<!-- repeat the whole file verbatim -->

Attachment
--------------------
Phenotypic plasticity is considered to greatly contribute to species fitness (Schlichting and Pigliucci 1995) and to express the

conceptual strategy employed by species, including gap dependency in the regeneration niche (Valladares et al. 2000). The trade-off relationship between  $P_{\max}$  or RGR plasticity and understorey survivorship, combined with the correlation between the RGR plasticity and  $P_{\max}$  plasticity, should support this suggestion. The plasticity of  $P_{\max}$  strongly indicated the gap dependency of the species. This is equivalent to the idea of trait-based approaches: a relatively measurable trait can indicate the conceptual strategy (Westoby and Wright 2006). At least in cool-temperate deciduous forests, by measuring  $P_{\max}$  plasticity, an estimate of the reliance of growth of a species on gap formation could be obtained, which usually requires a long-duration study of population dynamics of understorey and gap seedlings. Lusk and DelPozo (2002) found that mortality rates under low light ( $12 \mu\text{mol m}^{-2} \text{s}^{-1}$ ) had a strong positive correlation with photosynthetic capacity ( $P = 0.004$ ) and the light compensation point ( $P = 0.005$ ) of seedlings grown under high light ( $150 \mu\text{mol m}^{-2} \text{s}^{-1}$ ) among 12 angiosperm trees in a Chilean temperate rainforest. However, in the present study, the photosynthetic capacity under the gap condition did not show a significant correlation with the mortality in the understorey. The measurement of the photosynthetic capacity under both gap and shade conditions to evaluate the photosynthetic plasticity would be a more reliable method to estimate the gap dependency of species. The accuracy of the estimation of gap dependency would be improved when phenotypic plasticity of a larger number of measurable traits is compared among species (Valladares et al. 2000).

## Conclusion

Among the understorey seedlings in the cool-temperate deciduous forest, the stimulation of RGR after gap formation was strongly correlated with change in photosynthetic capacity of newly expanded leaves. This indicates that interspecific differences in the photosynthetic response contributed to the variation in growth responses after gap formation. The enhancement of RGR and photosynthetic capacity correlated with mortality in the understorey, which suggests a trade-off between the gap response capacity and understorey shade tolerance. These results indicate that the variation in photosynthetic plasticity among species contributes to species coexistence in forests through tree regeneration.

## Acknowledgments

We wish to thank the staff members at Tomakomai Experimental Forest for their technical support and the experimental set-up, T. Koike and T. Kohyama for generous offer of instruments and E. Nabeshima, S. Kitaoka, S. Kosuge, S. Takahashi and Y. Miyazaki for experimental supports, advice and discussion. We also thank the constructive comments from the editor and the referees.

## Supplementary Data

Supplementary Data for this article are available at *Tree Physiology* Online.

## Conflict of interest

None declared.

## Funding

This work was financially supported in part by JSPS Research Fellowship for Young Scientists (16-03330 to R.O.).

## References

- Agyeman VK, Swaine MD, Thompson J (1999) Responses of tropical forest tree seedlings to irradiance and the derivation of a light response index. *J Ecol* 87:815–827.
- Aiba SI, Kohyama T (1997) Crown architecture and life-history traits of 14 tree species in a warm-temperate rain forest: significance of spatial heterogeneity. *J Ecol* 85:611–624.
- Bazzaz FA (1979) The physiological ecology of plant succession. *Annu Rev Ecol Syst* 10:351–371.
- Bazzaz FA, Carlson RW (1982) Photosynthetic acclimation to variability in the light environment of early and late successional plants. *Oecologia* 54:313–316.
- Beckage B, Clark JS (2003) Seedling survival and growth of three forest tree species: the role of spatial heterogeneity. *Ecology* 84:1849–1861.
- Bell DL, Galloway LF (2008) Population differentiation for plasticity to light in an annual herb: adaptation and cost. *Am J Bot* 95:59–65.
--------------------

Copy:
Phenotypic plasticity is considered to greatly contribute to species fitness (Schlichting and Pigliucci 1995) and to express the

conceptual strategy employed by species, including gap dependency in the regeneration niche (Valladares et al. 2000). The trade-off relationship between  $P_{\max}$  or RGR plasticity and understorey survivorship, combined with the correlation between the RGR plasticity and  $P_{\max}$  plasticity, should support this suggestion. The plasticity of  $P_{\max}$  strongly indicated the gap dependency of the species. This is equivalent to the idea of trait-based approaches: a relatively measurable trait can indicate the conceptual strategy (Westoby and Wright 2006). At least in cool-temperate deciduous forests, by measuring  $P_{\max}$  plasticity, an estimate of the reliance of growth of a species on gap formation could be obtained, which usually requires a long-duration study of population dynamics of understorey and gap seedlings. Lusk and DelPozo (2002) found that mortality rates under low light ( $12 \mu\text{mol m}^{-2} \text{s}^{-1}$ ) had a strong positive correlation with photosynthetic capacity ( $P = 0.004$ ) and the light compensation point ( $P = 0.005$ ) of seedlings grown under high light ( $150 \mu\text{mol m}^{-2} \text{s}^{-1}$ ) among 12 angiosperm trees in a Chilean temperate rainforest. However, in the present study, the photosynthetic capacity under the gap condition did not show a significant correlation with the mortality in the understorey. The measurement of the photosynthetic capacity under both gap and shade conditions to evaluate the photosynthetic plasticity would be a more reliable method to estimate the gap dependency of species. The accuracy of the estimation of gap dependency would be improved when phenotypic plasticity of a larger number of measurable traits is compared among species (Valladares et al. 2000).

## Conclusion

Among the understorey seedlings in the cool-temperate deciduous forest, the stimulation of RGR after gap formation was strongly correlated with change in photosynthetic capacity of newly expanded leaves. This indicates that interspecific differences in the photosynthetic response contributed to the variation in growth responses after gap formation. The enhancement of RGR and photosynthetic capacity correlated with mortality in the understorey, which suggests a trade-off between the gap response capacity and understorey shade tolerance. These results indicate that the variation in photosynthetic plasticity among species contributes to species coexistence in forests through tree regeneration.

## Acknowledgments

We wish to thank the staff members at Tomakomai Experimental Forest for their technical support and the experimental set-up, T. Koike and T. Kohyama for generous offer of instruments and E. Nabeshima, S. Kitaoka, S. Kosuge, S. Takahashi and Y. Miyazaki for experimental supports, advice and discussion. We also thank the constructive comments from the editor and the referees.

## Supplementary Data

Supplementary Data for this article are available at *Tree Physiology* Online.

## Conflict of interest

None declared.

## Funding

This work was financially supported in part by JSPS Research Fellowship for Young Scientists (16-03330 to R.O.).

## References

- Agyeman VK, Swaine MD, Thompson J (1999) Responses of tropical forest tree seedlings to irradiance and the derivation of a light response index. *J Ecol* 87:815–827.
- Aiba SI, Kohyama T (1997) Crown architecture and life-history traits of 14 tree species in a warm-temperate rain forest: significance of spatial heterogeneity. *J Ecol* 85:611–624.
- Bazzaz FA (1979) The physiological ecology of plant succession. *Annu Rev Ecol Syst* 10:351–371.
- Bazzaz FA, Carlson RW (1982) Photosynthetic acclimation to variability in the light environment of early and late successional plants. *Oecologia* 54:313–316.
- Beckage B, Clark JS (2003) Seedling survival and growth of three forest tree species: the role of spatial heterogeneity. *Ecology* 84:1849–1861.
- Bell DL, Galloway LF (2008) Population differentiation for plasticity to light in an annual herb: adaptation and cost. *Am J Bot* 95:59–65.